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Everyone knew what Biden’s Irish visit was about apart from the sulking British press

The reception given to the US president provoked a kind of quasi-racist needling in right-leaning UK papers

Joe Biden Ireland visit UK press reaction

The three-day Biden festival was characterised by humour, goodwill, nostalgia, some business on the fringe and a large dollop of knowingness on both sides (the Irish are clued-in about US election schedules). The spitefest in the conservative UK press was startling.

It kicked off with an idiotic London Times cartoon last Thursday by Peter Brookes - Biden as leprechaun, drunk and bearing an unintended likeness to King Charles – followed by a rash of whiny columns. Sample headlines: “All the times President Joe Biden has shown disdain for his UK heritage” (Daily Mail), “Plastic Paddy Joe Biden’s hatred of Britain shames America” (The Spectator), “The bumbling US leader who sticks two fingers up at our country” (Telegraph), all poignantly laced with the insistence, “Britain doesn’t need him” (Telegraph). Special mention for the once venerable Sunday Times for the “hopping around Ireland like a senile, gibbering leprechaun sticking out of his nose, to be sure, to be sure…”.

The overall vibe was of a needy, raging playground bully disdained by the cool kids. It was the kind of monumental sulk that usually stays in social media and for good reason; self-respecting media outlets pay good money to editors for skills like sound judgment, political literacy and big-picture vision.

As a confident nation, we tend to view this kind of quasi-racist needling as we would a toddler tantrum. It’s been coming at us in one form or another since the Brexit merchants realised they’d clean forgotten to factor Northern Ireland into their back-of-the-envelope plan. Same angry, deluded world view; same destructive press distortions; same abusive ad hominem tone.


If that tone still retains the capacity to surprise, it’s only because this latest feat of national self-sabotage by the English strikes us as astoundingly counter-productive. They may well be surprised to hear that Americans – trade negotiators and 81million Biden voters included - can read.

The word sycophantic was thrown around in the Irish media too, mainly to signal the user’s sense of well-informed superiority over other parts of the media and the cheerful masses. Some of it was valid. A few Irish journalists mistook their assignment for a chance to share a (very large) space with a Beyoncé-like celebrity rather than the world’s most significant political figure, a point duly noted by more serious colleagues.

So why was the Irish media not doing their job and busily interrogating the US president about deeply important geopolitical concerns, as suggested by letter-writers and others?

Miriam Lord’s report from rain-sodden Carlingford explained how frozen, half-drowned Irish journalists were confined for hours against a wall below the viewing platform, “like mountain sheep sheltering from a storm”. Only the American press – as decreed by the visiting American White House team – were allowed near Biden.

Ghastly conditions are routinely endured by journalists on the off-chance that people of interest might give an impromptu press conference or blurt something of note. Lord was not complaining, merely explaining.

What would the critics-turned-journalist have done? They would of course have barged through the squads of dead-eyed, itchy-fingered secret service agents to buttonhole the president with a slew of sharp questions (as suggested by various correspondents) such as his support for the 20-year-old Iraq war or the US-driven incarceration of Julian Assange.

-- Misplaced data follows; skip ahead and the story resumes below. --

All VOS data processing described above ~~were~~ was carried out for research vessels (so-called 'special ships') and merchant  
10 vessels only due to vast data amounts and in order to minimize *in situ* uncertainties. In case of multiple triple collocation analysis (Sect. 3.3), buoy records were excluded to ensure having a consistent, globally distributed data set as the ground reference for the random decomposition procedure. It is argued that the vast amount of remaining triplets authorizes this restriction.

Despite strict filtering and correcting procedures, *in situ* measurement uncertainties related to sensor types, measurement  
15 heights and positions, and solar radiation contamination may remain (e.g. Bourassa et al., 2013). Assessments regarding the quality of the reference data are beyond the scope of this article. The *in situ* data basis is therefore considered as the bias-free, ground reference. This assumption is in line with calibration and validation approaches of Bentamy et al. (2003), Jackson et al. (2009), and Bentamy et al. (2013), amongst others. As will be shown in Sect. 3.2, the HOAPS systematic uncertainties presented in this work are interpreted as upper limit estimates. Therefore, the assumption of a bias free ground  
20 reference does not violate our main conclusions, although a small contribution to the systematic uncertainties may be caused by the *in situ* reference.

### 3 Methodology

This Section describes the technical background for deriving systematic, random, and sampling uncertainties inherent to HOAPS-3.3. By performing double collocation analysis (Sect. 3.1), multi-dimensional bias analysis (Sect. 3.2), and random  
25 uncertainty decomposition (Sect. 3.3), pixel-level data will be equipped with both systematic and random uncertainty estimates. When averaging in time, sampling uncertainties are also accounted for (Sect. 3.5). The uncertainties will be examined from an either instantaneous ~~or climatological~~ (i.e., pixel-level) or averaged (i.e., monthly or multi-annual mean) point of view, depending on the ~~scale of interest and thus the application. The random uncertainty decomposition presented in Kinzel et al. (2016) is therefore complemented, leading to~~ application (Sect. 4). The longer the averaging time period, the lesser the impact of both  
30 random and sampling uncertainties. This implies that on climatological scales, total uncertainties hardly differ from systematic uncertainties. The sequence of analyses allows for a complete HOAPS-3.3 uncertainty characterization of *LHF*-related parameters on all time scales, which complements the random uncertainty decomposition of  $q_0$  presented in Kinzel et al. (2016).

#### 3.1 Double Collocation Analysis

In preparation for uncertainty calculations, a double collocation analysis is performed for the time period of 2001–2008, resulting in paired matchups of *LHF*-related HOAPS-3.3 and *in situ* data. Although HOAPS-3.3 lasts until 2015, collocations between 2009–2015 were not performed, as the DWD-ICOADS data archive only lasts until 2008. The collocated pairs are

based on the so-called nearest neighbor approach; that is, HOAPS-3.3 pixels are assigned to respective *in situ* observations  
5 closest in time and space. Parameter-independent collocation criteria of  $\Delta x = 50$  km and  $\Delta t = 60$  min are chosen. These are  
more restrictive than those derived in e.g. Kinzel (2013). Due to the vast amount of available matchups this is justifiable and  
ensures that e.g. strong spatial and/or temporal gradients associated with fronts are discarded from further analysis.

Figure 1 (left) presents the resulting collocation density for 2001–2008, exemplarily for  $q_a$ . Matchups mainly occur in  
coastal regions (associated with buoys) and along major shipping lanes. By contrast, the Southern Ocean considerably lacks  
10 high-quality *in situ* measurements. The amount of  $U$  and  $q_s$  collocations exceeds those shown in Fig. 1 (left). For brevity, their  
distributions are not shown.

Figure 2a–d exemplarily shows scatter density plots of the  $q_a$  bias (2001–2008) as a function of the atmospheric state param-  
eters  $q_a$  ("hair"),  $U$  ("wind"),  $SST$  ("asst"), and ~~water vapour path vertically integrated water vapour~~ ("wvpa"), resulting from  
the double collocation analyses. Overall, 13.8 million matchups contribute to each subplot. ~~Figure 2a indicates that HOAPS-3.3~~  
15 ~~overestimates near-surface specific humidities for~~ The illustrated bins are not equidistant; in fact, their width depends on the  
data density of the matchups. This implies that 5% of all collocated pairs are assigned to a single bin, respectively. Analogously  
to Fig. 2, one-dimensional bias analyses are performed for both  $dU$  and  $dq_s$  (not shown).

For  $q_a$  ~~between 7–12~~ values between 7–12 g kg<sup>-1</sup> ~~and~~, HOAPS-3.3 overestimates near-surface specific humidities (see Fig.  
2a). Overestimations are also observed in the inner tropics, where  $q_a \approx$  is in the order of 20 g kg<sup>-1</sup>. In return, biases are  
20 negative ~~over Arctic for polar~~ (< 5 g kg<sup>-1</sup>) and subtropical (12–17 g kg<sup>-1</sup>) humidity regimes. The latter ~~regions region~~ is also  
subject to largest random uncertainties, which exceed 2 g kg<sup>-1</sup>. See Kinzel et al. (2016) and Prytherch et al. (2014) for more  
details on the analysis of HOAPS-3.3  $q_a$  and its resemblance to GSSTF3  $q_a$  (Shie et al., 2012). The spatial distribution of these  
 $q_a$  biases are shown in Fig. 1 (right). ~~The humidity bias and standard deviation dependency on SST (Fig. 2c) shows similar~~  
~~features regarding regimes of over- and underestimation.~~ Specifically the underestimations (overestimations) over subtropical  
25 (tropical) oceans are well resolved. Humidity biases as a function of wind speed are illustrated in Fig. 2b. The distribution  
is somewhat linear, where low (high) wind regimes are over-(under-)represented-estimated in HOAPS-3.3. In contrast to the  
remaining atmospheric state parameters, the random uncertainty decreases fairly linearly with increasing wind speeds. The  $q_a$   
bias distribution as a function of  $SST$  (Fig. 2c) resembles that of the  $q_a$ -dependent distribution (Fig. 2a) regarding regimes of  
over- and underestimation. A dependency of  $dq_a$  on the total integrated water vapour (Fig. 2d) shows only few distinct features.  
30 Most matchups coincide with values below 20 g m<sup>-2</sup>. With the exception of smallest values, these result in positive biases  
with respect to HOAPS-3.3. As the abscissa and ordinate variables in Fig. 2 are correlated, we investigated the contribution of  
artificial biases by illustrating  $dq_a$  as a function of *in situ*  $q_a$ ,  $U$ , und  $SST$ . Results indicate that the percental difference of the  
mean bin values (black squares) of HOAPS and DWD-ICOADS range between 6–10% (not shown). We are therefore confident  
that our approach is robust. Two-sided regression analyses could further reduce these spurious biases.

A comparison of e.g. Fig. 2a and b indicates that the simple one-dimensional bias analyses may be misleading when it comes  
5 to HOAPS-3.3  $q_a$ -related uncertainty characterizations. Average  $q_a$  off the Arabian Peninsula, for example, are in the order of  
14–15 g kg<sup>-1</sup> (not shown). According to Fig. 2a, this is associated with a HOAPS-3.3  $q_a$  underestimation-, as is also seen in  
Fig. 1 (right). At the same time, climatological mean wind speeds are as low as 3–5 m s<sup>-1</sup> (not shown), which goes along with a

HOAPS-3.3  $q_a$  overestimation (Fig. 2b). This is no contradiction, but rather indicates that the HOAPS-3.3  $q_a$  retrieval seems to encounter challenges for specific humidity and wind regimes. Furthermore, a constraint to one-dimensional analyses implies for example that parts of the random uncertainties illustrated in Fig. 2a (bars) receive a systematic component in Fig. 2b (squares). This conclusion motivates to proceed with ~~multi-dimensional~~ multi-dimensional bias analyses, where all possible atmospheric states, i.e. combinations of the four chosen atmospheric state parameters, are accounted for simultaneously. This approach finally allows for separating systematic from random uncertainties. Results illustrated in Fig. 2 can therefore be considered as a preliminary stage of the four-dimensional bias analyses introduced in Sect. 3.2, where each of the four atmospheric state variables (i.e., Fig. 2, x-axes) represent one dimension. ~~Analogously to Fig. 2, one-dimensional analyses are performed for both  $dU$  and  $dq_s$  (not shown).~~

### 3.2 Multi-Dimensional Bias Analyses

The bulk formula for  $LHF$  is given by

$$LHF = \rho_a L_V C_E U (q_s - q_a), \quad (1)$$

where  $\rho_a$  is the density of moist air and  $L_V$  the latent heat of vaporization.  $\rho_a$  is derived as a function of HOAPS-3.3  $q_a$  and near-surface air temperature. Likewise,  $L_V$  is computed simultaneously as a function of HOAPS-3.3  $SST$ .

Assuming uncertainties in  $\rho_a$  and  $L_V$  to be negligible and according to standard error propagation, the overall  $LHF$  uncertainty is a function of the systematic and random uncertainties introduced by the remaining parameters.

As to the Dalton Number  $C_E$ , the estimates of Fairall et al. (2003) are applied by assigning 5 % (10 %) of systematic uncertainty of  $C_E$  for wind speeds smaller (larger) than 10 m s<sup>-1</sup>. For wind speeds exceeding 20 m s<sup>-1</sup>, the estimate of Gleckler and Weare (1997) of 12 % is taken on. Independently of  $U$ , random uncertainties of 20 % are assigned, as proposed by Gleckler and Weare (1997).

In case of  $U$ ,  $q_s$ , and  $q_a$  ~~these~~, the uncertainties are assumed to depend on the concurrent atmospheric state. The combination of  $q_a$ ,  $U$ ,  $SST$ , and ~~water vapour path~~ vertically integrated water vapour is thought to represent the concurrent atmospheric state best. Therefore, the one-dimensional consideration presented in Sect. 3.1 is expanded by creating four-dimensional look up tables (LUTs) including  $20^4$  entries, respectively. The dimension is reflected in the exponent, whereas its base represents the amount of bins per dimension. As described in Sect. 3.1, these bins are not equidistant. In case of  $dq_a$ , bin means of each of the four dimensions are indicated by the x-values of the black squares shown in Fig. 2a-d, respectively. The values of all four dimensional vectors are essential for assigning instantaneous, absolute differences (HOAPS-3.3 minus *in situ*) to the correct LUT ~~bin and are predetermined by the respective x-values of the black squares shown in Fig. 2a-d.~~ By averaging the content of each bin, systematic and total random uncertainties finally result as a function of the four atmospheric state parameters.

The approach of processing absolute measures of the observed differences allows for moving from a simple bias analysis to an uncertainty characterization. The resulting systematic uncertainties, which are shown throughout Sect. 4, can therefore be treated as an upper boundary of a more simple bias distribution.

To what purpose? The same questions have been asked thousands of times by reputable reporters and the answers are easily accessed. It’s 18 years since Biden finally acknowledged that his Iraq vote was a “mistake”. Assange is still in a British prison. Meanwhile, the US media pool had its own topical agenda, mainly shouted questions related to the Pentagon leaks, with Biden’s evasive answer duly reported.

What is worth noting is the very few political boycotts and small protests triggered by the visit. None bore comparison to the eggs hurled at president Richard Nixon by Vietnam War protestors in 1970, or the thousands that protested about Ronald Reagan’s disastrous Central America/Iran-Contra adventures in 1984, or the many against the Iraq War during George W Bush’s visit in 2004 (all Republicans notably).

Then again, the Irish always favoured Democrat presidents, say the sage ones accusingly. Six have been elected since the 1960s, starting with John F Kennedy - assassinated after fewer than three years in office, succeeded by his vice-president Lydon B Johnson, then by Jimmy Carter, Bill Clinton, Barack Obama and Joe Biden.

The six Republicans in between included Nixon - forced to resign in disgrace -, who was succeeded by his vice-president Gerald Ford, followed by Ronald Reagan, George H Bush, his son George W Bush and Donald Trump, currently under criminal indictment.

The members of neither camp can claim a flawless characters (apart possibly from Carter) but it’s worth noting that six weeks before Trump’s election in 2016, Irish voters were 82 per cent in favour of Hillary Clinton becoming the next president.

Monday’s poignant gathering in Belfast was a reminder of why. It included the extraordinary (former Democrat Senate majority leader) George Mitchell, now almost 90, suffering from cancer and making his first public address in several years, and Clinton, the first sitting US president to visit Northern Ireland and who appointed Mitchell to chair the Good Friday talks.

If we favour one side, misty-eyed sentiment is only a part of it.